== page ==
On Baptism, Against The Donatists

The Seven Books of Augustin, Bishop of Hippo, On Baptism, Against the Donatists

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Philip Schaff

polluted by them. For when Marcus said, "It is marvellous that some of us, traitors to the truth,
uphold heretics and oppose Christians," it seemed natural that he should add, Therefore we decree
that communion should not be held with them. This he did not say; but what he does say is,
"Therefore we decree that heretics should be baptized," adhering to what the peaceful Cyprian had
enjoined in the first instance, saying, "Judging no man, nor removing any from the right of
communion if he entertain a different opinion." While, therefore, the Donatists calumniate us and
call us traditors, I should be glad to know, supposing that any Jew or pagan were found, who, after
reading the records of that Council should call both us and them, according to their own rules,
traitors to the truth, how we should be able to make our joint defense so as to refute and wash away
so grave a charge. They give the name of traditors to men whom they were never able in times
past to convict of the offense, and whom they cannot now show to be involved in it, being themselves
rather shown to be liable to the same charge. But what has this to do with us? What shall we say
of them who, by their own showing, are unquestionably traitors? For if we, however falsely, are
called traditors, because, as they allege, we took part in the same communion with traditors, we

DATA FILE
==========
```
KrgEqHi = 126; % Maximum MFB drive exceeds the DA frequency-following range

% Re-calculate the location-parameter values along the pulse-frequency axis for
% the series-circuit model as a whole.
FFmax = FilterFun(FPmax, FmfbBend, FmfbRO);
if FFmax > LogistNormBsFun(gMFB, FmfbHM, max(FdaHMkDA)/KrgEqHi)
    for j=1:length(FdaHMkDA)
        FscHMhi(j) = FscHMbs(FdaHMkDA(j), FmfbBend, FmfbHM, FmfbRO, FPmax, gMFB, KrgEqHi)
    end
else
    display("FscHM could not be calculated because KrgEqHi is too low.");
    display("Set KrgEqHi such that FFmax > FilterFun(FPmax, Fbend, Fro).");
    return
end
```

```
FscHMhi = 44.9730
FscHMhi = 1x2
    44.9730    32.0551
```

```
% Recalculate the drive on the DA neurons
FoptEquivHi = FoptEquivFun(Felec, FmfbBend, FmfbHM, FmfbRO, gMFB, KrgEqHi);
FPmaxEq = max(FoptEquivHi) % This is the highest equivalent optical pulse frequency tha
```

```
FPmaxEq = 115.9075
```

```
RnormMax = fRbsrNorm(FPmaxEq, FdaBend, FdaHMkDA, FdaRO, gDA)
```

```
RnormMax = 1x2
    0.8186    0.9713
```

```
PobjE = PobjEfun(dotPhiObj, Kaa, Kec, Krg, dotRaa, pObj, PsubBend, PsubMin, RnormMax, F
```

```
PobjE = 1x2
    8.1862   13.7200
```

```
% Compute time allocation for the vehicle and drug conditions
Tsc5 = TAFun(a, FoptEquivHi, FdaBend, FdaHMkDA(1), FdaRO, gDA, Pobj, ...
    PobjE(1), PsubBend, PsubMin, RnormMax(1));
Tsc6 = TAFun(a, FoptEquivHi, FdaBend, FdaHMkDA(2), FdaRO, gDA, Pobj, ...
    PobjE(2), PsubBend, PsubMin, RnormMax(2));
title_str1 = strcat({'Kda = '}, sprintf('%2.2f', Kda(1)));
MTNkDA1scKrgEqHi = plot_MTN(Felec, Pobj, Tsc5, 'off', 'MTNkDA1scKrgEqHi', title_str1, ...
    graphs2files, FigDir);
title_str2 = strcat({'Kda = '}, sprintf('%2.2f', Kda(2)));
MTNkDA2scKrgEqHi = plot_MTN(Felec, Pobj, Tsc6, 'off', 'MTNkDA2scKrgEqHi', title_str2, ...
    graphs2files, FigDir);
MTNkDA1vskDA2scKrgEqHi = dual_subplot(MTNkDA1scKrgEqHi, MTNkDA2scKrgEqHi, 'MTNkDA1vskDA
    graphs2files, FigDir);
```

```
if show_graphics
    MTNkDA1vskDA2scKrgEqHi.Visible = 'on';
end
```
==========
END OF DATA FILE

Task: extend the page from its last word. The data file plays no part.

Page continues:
have all taken part with the traditors in question, seeing that in the time of the blessed Cyprian the
party of Donatus had not yet separated itself from unity. For the delivery of the sacred books, from
which they began to be called traditors, occurred somewhat more than forty years after his
martyrdom. If, therefore, we are traditors, because we sprang from traditors, as they believe or
pretend, we both of us derive our origin from those other traitors. For there is no room for saying
that they did not communicate with these traitors, since they call them men of their own party. In
the words of the Council which they are most forward to quote, "Some of us," it declares, "traitors
to the truth, uphold heretics." To this is added the testimony of Cyprian, showing clearly that he
remained in communion with them, when he says, "Judging no man, nor removing any from the
right of communion if he entertain a different opinion." For those who entertained a different
opinion were the very persons whom Marcus calls traitors to the truth because they upheld heretics,
as he maintains, by receiving them into the Church without baptism. That it was, moreover, the
custom that they should be so received, is testified both by Cyprian himself in many passages, and
by some bishops in this Council. Whence it is evident that, if heretics have not baptism, the Church
of Christ of those days was full of traitors, who upheld them by receiving them in this way. I would
urge, therefore, that we plead our cause in common against the charge of treason which they cannot
disavow, and therein our special case will be argued against the charge of delivering the books,
which they could not prove against us. But let us argue the point as though they had convicted us;
and what we shall answer jointly to those who urge against both of us the general treason of our
forefathers, that we will answer to these men who urge against us that our forefathers gave up the
sacred books. For as we were dead because our forefathers delivered up the books, which caused
them to divide themselves from us, so both we and they themselves are dead through the treason
of our forefathers, from whom both we and they are sprung. But since they say they live, they hold
that that treason does not in any way affect them, therefore neither are we affected by the delivery
of the books. And it should be observed that, according to them, the treason is indisputable: while,

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